Master artists who depicted the life and culture of Edo.
1760 (Houreki 10) – 1849 (Kaei 2)
When Hokusai was 19, he became an apprentice of Katsukawa Shunsho, who was leading the area of portrait images of the kabuki actors. Hokusai made a debut in the following year. After Shunsho’s death, Hokusai left the Katsukawa School and took over the name of Tawaraya Sori. Tawaraya was one of the groups of the Rin School in Kyoto. Hokusai began his career as a town artist. He worked as Sori for three years, and then he started using the name of Hokusai when he was 38 years old. During his 40s, Hokusai became famous for illustration in books of his unique expressions. In his 50s, the number of his apprentices increased. He established his school, the Katsushika School. He started producing the works that pushed him up to the prestigious status permanently. He started working on “One Hundred Views of Mt. Fuji,” when he was over 70 years old. He died at around 90, leaving the impressive words, “If I could live five or ten more years, I would have become a real artist.”
1797(Kansei 9) – 1858 (Ansei 5)
Ando Hiroshige was born as the first son of Ando Family, a fire-watchman in Yaesu, Edo. When he was 13, his parents died. He took over his father’s position; however, he loved drawing pictures. At the age of 15, he became an apprentice of Utagawa Toyohiro. In his early career as an artist, he mostly drew the portraits of beauties and actors. “Famous Places in the Eastern Capital,” published in 1831, made him one of the mainstream Ukiyo-e artists in the era. He also succeeded in adopting the screen structures utilizing and contrasting perspective drawing, using deep azure tone called Hiroshige blue and shading. His masterpiece, “The Fifty-Three Stations of the Tokaido,” started publication in 1833, and became the best-known works of Ukiyo-e. In his later life, he started working on the series of paintings, “One Hundred Famous Views of Edo,” in which his emotional attachment toward Edo was crystallized. Because of the popularity, he published one hundred fifty views, more than he planned.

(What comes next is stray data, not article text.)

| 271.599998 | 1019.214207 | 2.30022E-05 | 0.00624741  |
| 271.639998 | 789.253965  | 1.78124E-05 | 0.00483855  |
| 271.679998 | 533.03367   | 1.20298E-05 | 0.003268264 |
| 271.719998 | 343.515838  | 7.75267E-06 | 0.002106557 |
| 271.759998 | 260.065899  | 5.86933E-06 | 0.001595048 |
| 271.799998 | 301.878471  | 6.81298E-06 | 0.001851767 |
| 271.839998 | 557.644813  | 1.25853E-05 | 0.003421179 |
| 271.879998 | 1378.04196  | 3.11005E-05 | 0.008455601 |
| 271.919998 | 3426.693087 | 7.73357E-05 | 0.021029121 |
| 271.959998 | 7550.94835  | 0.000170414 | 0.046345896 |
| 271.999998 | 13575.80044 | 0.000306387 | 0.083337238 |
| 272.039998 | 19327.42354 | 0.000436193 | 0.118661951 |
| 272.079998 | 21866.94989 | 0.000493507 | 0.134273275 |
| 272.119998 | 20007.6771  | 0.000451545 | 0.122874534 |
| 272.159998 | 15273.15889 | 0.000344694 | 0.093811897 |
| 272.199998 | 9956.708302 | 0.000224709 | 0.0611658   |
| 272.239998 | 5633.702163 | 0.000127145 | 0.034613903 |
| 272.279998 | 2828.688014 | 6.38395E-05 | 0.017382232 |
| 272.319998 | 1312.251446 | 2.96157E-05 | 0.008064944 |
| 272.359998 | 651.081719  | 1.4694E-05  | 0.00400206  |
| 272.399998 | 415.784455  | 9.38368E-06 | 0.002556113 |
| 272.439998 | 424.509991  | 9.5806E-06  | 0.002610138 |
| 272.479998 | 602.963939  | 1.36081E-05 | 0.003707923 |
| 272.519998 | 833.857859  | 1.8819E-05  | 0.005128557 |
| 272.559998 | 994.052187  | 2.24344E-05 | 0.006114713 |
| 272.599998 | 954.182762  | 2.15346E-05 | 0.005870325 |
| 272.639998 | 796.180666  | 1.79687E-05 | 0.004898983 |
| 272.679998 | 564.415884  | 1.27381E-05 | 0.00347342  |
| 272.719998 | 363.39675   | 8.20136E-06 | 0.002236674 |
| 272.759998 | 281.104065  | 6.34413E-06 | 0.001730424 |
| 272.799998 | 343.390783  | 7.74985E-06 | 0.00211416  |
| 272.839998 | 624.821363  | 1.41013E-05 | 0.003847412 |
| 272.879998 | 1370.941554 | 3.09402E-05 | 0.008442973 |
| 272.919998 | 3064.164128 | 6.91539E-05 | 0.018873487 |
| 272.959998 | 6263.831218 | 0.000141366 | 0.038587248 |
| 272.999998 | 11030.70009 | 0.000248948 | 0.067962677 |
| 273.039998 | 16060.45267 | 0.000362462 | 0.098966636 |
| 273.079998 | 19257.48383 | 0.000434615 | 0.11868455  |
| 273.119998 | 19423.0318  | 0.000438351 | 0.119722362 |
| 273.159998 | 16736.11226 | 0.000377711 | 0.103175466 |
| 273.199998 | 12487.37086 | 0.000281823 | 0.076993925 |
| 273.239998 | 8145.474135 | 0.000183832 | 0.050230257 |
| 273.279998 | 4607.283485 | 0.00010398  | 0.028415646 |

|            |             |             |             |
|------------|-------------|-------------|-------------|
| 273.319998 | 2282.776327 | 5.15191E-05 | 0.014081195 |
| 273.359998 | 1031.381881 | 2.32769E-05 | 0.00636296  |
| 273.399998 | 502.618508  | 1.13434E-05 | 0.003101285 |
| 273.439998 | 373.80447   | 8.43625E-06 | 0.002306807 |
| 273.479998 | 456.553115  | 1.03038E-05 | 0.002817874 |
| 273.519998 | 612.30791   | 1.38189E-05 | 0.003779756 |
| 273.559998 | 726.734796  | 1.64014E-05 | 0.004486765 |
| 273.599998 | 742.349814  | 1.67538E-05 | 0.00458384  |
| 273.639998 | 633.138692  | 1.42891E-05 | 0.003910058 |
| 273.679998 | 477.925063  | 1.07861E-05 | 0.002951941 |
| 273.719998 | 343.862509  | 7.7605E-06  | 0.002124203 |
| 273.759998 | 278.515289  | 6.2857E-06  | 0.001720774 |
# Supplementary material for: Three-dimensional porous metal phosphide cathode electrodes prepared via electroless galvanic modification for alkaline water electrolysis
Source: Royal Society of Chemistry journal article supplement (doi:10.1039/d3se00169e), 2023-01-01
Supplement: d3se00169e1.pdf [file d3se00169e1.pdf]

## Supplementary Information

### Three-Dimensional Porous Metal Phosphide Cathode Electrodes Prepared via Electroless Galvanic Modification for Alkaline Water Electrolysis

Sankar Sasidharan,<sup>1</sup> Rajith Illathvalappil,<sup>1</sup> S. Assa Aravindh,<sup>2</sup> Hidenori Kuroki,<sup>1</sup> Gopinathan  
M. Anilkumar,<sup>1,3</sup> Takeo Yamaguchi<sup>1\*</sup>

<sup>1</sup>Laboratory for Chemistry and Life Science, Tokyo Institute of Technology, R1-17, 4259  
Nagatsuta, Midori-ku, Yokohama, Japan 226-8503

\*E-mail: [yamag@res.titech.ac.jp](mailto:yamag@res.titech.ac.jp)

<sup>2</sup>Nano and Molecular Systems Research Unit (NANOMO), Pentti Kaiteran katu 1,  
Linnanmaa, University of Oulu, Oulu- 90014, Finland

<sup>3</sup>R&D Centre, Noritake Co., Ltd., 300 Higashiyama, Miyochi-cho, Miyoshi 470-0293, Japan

In 1794 (Kansei 6), Sharaku came into sudden prominence, leaving more than 140 Ukiyo-e pictures for only ten-month of his activities as an Ukiyo-e artist and disappeared forever. For his debut work, he used O-ban (larger size) printing size and expensive biotitic background printing, which was unusual. Tsutaya Juzaburo, a publisher, promoted Sharaku vastly after Utamaro left him. Meanwhile, the printing size was getting smaller. One of the major reasons was that Sharaku’s way of drawing, which depicted the actors as they were regardless of their popularity, was not accepted by people of the era. However, each of his portrait works is full of energetic impression and gives positive impact. Because of that, he also received high acclaim from abroad..
1753 (Horeki 3) – 1806 (Bunka 3)
After Utamaro came under the tutelage of Toriyama Sekien, an artist of the Kano School, he was discovered by Tsutaya Juzaburo. Utamaro started drawing color woodblock prints and illustrated books under his patronage. In around 1791, Utamaro adopted Okubi-e (large head picture) to drawing beauties and used popular teahouse women as his models. For these, he was recognized as the leading artist of pictures of beautiful women. His portraits of beautiful women had an influence on the era; people who saw Utamaro’s portraits came to the women’s houses to take a look at them. Later, under Kansei Reform, a series of conservative governmental measures limited many expressions. However, Utamaro did not give up and played an active role in the golden age of Ukiyo-e. In 1804, Utamaro was accused of violating the law for drawing Toyotomi Hideyoshi whom it was against the law to portray. Utamaro died two years after the incident.